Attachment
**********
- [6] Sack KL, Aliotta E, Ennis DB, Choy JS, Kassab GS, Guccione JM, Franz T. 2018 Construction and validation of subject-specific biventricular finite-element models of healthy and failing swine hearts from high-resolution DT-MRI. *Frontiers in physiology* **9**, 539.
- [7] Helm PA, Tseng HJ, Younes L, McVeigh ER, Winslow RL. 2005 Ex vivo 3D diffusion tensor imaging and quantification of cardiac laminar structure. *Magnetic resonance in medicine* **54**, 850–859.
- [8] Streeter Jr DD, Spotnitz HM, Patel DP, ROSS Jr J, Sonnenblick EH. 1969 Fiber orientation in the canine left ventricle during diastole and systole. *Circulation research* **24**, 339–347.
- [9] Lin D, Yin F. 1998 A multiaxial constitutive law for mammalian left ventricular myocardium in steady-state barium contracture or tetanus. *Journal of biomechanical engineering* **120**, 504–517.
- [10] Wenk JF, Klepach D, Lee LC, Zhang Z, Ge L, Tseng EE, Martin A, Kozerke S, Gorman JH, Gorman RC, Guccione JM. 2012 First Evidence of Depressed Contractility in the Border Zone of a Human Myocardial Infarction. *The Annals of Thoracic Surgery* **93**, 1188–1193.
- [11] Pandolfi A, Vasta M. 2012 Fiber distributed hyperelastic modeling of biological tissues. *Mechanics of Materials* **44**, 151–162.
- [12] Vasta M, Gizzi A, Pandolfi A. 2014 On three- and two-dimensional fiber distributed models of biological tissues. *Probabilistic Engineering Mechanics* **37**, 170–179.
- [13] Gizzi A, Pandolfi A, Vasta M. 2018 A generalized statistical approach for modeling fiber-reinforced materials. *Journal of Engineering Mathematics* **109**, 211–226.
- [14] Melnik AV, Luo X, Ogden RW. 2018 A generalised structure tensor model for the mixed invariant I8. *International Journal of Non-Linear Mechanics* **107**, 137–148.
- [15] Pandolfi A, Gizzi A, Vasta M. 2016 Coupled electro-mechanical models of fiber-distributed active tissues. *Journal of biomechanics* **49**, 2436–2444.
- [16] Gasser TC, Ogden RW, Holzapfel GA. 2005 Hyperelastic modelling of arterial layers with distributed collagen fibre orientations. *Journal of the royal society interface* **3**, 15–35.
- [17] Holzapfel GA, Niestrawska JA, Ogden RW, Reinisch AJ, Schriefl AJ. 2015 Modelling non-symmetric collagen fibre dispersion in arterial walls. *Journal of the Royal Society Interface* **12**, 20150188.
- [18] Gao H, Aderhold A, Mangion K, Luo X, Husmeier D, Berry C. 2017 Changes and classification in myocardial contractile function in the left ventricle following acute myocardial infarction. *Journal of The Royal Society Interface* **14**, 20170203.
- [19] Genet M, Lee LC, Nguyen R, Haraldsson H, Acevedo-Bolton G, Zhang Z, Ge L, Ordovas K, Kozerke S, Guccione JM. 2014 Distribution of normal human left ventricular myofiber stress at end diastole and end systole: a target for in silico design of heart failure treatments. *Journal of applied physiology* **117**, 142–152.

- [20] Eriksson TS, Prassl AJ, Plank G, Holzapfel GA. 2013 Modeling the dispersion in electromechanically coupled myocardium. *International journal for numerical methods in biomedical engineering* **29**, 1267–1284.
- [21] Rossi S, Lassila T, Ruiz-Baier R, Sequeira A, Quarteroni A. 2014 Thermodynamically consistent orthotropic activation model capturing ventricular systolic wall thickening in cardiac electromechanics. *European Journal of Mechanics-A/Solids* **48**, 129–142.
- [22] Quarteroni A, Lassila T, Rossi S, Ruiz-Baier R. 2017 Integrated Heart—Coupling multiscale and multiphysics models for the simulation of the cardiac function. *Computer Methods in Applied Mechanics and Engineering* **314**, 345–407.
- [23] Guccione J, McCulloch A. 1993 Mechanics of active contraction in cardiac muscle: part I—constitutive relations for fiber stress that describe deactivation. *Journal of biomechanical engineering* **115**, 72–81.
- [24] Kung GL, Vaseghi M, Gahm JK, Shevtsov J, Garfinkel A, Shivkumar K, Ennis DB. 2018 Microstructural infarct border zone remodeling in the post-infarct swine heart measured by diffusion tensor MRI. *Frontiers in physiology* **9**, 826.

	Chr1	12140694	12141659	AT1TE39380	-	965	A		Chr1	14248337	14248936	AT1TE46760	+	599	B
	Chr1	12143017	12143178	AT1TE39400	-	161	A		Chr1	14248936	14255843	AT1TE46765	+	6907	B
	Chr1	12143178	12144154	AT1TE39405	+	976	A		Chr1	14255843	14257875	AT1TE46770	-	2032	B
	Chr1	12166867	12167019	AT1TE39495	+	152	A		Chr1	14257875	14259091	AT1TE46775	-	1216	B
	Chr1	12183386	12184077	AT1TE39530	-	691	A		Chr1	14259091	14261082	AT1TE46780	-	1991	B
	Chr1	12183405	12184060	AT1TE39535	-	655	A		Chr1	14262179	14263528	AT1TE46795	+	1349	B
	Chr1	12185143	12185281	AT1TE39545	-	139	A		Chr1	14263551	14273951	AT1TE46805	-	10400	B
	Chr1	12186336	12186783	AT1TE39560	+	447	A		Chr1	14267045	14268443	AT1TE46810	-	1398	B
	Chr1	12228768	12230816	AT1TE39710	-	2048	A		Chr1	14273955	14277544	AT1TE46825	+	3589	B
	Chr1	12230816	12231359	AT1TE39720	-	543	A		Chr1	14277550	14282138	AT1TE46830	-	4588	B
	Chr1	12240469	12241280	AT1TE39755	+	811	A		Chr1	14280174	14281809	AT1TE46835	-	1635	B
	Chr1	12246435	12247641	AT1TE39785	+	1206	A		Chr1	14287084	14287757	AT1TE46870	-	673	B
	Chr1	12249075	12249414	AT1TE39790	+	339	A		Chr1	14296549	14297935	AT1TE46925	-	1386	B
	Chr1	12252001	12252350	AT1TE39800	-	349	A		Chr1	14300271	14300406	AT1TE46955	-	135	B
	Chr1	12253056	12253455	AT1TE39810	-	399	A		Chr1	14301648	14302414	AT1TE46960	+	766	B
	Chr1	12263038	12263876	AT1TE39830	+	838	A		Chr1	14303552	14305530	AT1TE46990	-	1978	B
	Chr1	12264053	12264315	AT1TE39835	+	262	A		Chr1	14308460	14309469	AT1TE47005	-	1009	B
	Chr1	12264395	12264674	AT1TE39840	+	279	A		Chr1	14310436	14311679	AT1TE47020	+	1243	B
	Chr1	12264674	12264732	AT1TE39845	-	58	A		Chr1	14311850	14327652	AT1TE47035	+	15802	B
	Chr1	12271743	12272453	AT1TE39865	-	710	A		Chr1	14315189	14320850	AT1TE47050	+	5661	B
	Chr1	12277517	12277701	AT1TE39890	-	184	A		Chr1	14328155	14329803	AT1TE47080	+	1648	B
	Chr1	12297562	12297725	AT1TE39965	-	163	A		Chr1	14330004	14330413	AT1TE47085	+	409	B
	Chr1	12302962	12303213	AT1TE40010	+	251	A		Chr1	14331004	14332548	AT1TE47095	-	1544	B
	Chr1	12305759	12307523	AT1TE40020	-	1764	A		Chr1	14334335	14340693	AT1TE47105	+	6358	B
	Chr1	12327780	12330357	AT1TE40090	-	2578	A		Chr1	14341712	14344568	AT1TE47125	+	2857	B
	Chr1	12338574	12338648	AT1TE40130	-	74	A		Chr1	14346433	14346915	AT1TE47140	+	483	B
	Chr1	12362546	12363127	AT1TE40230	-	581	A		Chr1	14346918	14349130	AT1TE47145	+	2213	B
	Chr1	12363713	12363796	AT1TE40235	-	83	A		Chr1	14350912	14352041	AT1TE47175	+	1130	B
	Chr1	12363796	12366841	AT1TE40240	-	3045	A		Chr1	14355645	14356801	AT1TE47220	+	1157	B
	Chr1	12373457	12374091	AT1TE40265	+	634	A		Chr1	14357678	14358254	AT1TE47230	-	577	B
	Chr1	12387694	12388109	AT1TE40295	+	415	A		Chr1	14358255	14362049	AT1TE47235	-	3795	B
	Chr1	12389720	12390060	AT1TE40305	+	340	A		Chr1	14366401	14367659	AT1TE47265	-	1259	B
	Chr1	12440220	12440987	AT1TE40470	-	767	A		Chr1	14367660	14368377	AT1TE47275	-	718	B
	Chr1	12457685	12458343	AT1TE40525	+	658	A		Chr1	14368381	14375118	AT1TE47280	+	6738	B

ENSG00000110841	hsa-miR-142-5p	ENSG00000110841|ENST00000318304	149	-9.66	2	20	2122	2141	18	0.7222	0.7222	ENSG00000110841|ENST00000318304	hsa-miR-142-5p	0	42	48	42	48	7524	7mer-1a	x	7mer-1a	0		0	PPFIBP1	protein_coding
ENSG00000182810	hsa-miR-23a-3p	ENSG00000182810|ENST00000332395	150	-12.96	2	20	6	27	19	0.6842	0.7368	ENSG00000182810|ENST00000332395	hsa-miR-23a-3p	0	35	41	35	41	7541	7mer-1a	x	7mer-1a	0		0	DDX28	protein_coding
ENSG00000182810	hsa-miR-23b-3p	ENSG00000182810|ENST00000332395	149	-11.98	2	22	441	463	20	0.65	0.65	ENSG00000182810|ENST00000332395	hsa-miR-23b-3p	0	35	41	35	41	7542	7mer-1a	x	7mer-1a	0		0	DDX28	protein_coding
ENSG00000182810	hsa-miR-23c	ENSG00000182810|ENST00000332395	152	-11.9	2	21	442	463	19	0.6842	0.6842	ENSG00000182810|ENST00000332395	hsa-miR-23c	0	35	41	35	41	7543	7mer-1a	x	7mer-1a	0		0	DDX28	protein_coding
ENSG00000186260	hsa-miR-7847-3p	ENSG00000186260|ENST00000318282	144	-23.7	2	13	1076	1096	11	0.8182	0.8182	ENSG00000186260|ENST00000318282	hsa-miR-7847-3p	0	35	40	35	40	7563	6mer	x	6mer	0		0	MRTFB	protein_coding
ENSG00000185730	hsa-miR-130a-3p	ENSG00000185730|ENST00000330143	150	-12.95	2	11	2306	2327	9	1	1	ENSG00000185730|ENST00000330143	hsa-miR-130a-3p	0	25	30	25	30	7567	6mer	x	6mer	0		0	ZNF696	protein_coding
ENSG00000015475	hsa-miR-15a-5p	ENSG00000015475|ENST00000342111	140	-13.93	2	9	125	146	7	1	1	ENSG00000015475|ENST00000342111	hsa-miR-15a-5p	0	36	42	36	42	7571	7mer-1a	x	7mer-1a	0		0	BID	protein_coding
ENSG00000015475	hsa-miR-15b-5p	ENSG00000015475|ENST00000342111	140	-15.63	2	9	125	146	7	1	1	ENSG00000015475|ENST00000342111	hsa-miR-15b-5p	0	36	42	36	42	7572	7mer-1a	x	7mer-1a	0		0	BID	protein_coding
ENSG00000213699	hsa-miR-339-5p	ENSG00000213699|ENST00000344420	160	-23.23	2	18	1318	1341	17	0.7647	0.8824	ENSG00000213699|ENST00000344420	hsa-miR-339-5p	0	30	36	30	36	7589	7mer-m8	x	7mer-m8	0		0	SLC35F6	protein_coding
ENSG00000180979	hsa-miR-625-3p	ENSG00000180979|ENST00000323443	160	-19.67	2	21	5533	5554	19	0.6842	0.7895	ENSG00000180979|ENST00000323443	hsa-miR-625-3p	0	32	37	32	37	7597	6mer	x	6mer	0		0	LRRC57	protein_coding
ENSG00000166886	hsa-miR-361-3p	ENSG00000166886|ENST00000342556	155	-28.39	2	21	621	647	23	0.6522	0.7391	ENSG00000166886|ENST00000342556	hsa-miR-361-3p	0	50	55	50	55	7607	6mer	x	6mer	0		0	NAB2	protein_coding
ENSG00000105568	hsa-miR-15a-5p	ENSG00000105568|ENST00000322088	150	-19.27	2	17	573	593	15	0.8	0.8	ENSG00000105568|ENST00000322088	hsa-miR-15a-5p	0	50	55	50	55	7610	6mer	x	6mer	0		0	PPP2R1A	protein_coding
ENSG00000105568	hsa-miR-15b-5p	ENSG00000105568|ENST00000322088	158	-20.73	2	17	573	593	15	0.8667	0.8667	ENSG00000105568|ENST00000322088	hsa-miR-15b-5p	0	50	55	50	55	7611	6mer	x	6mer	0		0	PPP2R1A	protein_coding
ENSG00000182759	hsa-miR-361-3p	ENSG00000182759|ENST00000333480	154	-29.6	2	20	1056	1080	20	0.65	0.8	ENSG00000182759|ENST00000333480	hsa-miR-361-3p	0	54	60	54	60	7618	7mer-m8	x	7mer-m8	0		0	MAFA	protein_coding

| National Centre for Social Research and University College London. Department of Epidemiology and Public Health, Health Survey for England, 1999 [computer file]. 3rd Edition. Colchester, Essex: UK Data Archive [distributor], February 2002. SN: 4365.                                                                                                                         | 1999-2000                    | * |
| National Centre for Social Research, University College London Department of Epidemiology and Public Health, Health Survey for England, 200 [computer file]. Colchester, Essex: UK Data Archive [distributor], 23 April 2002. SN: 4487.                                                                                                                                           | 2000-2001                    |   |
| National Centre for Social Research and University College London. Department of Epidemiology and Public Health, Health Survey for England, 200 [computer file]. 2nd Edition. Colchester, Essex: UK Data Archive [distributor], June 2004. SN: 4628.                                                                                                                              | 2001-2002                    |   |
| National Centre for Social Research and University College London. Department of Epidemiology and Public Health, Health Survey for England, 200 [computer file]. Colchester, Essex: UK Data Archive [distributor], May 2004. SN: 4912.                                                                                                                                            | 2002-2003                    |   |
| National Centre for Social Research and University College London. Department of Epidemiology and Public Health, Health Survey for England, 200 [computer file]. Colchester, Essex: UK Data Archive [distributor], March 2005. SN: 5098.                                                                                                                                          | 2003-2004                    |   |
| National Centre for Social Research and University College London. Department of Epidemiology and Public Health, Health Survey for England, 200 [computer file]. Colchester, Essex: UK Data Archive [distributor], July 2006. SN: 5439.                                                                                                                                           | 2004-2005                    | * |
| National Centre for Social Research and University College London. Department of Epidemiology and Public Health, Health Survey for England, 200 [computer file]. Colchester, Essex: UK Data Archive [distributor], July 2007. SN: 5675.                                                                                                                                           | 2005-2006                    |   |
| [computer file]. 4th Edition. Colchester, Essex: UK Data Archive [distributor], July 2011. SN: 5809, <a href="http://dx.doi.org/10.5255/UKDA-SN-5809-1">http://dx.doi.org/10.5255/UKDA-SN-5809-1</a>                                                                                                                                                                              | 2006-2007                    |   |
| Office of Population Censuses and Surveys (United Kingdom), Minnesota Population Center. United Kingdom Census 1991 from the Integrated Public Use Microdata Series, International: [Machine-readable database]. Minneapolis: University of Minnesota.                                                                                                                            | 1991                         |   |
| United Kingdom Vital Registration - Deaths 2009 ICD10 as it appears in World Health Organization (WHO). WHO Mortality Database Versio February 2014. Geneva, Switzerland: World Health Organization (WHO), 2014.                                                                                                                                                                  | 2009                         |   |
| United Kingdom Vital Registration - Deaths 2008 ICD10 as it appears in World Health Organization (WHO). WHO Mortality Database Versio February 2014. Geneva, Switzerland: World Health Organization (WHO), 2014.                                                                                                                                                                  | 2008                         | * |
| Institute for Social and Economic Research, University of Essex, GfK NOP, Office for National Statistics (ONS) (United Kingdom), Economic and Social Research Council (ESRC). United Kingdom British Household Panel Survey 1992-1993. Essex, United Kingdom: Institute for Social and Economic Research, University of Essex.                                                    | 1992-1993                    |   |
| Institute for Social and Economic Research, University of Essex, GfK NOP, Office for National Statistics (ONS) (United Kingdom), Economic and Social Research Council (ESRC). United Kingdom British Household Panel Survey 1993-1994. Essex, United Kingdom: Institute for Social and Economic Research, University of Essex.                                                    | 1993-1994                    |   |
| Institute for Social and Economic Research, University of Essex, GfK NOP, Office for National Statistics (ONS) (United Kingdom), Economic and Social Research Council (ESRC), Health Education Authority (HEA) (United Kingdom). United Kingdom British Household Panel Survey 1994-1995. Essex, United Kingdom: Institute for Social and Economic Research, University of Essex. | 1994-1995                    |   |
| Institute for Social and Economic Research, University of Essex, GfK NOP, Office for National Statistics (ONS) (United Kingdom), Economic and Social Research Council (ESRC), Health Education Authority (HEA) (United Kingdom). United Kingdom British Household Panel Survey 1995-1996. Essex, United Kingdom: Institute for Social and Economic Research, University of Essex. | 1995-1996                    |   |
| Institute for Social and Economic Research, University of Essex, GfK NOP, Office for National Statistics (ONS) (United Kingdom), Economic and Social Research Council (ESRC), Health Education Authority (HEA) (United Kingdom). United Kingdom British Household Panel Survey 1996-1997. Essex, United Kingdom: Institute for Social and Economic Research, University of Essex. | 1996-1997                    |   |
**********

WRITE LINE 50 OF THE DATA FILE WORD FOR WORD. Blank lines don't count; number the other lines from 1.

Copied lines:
	Chr1	12387694	12388109	AT1TE40295	+	415	A		Chr1	14358255	14362049	AT1TE47235	-	3795	B